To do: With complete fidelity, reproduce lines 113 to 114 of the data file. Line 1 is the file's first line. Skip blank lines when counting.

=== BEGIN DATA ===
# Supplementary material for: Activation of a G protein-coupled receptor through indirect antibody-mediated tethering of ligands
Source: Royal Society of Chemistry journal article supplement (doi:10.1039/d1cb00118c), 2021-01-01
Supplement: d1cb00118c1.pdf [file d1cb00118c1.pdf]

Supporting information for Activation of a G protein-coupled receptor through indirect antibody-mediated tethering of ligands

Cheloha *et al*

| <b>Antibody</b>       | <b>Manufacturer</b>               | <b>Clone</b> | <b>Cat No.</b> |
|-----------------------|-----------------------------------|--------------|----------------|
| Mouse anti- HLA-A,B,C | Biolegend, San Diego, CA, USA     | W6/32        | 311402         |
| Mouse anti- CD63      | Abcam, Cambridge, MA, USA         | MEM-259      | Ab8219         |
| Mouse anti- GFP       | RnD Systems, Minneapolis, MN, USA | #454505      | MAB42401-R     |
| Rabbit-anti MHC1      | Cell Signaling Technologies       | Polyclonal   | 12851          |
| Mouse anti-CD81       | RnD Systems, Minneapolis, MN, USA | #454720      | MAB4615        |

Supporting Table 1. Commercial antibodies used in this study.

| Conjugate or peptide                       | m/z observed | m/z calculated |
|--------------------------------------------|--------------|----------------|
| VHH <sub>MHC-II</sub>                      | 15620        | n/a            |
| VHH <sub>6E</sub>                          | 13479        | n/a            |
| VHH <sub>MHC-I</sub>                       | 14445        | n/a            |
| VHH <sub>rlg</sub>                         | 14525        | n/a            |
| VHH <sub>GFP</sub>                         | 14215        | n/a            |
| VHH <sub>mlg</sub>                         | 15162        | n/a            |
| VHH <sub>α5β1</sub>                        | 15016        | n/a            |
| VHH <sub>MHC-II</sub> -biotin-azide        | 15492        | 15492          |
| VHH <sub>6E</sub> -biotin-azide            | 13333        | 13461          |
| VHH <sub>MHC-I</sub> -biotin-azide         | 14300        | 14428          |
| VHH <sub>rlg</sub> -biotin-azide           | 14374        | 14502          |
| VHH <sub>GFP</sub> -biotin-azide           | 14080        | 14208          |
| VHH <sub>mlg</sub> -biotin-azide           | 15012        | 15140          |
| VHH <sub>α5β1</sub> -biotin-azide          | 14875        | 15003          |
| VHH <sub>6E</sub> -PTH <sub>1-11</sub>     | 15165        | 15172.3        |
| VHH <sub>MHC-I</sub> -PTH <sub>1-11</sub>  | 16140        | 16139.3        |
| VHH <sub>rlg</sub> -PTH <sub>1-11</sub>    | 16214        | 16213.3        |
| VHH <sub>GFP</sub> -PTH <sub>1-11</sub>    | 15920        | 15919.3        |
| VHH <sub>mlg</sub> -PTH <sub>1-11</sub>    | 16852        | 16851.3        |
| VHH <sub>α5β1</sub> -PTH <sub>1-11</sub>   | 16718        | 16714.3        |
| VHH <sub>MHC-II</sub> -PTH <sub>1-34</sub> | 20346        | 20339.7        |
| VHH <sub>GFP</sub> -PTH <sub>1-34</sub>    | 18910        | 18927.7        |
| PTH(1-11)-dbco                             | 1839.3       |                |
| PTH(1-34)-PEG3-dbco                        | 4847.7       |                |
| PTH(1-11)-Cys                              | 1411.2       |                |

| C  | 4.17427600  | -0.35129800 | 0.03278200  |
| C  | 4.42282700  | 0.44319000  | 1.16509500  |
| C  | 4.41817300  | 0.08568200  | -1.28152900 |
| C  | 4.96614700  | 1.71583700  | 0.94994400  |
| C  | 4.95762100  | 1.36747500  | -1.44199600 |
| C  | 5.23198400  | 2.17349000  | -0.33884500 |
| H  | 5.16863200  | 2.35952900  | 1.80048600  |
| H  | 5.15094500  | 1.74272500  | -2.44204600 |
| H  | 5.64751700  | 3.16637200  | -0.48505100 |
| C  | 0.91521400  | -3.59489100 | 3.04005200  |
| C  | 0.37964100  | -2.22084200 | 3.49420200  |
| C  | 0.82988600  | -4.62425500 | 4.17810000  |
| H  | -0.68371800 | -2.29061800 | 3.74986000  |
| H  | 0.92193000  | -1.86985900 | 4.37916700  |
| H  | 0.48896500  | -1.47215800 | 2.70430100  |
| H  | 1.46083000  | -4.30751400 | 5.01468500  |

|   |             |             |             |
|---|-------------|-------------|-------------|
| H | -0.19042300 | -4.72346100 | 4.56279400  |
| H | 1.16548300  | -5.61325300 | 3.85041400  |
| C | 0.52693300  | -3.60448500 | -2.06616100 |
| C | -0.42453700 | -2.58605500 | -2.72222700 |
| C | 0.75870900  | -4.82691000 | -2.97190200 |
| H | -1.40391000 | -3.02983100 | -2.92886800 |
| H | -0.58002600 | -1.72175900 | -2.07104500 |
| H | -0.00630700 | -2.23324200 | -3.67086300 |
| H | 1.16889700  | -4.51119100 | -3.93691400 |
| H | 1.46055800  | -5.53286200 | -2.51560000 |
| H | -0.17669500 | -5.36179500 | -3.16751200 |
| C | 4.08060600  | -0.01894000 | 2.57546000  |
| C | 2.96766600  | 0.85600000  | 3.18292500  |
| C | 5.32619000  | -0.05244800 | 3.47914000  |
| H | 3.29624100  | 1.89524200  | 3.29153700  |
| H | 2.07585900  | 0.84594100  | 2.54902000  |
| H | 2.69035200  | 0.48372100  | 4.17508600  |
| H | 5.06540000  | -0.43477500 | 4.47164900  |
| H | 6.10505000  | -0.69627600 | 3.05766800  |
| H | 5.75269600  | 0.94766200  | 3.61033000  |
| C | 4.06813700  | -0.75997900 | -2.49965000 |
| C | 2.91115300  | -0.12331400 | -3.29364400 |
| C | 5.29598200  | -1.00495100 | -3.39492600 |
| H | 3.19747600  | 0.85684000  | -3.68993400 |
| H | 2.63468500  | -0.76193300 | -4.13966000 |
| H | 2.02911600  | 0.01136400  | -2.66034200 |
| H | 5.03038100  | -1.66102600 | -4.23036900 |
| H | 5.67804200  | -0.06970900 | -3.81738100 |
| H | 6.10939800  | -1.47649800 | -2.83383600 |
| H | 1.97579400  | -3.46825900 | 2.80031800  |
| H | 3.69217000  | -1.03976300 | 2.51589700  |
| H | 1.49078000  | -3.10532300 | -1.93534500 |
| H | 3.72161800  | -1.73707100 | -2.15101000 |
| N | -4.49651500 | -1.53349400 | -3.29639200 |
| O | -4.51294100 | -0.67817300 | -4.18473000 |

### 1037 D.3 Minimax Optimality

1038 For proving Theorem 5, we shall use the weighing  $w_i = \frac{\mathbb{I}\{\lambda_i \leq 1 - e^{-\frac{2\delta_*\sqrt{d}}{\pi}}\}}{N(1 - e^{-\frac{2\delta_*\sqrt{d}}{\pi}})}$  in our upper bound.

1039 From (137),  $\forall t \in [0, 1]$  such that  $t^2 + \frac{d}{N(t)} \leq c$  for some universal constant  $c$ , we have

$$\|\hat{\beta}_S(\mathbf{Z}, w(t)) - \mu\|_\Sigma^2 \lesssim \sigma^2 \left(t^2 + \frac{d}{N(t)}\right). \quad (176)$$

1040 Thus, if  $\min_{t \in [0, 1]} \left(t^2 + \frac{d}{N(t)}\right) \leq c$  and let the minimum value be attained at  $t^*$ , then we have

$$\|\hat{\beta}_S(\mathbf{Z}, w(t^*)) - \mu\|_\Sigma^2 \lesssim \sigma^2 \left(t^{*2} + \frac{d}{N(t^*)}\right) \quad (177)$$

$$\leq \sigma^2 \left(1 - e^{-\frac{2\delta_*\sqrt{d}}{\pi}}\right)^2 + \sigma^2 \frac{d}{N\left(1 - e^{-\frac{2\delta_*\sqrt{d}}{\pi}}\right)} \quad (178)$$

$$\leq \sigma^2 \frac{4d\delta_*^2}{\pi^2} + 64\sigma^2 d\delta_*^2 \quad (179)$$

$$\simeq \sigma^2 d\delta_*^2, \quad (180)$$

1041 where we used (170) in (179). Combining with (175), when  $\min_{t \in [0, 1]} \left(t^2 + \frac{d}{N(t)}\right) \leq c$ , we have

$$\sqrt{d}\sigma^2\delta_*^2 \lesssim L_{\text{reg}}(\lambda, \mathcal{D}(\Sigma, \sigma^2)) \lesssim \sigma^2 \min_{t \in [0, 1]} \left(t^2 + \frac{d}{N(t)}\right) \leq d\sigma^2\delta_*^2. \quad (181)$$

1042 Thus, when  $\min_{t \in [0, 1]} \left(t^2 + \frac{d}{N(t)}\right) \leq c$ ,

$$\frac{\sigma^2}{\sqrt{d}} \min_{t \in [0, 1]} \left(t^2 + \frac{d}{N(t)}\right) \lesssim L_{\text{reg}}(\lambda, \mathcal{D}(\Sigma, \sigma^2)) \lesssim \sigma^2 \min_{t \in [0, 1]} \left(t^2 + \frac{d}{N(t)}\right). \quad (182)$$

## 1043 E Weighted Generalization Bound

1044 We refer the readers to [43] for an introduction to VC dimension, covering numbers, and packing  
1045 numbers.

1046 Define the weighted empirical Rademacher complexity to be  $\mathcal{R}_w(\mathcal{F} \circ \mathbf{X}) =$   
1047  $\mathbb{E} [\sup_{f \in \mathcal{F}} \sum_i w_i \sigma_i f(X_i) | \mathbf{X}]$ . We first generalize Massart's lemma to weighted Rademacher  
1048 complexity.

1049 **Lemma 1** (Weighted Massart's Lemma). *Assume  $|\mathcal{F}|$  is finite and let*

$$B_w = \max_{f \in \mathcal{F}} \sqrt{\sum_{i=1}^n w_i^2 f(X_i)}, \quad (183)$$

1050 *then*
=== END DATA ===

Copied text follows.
1049 **Lemma 1** (Weighted Massart's Lemma). *Assume  $|\mathcal{F}|$  is finite and let*

$$B_w = \max_{f \in \mathcal{F}} \sqrt{\sum_{i=1}^n w_i^2 f(X_i)}, \quad (183)$$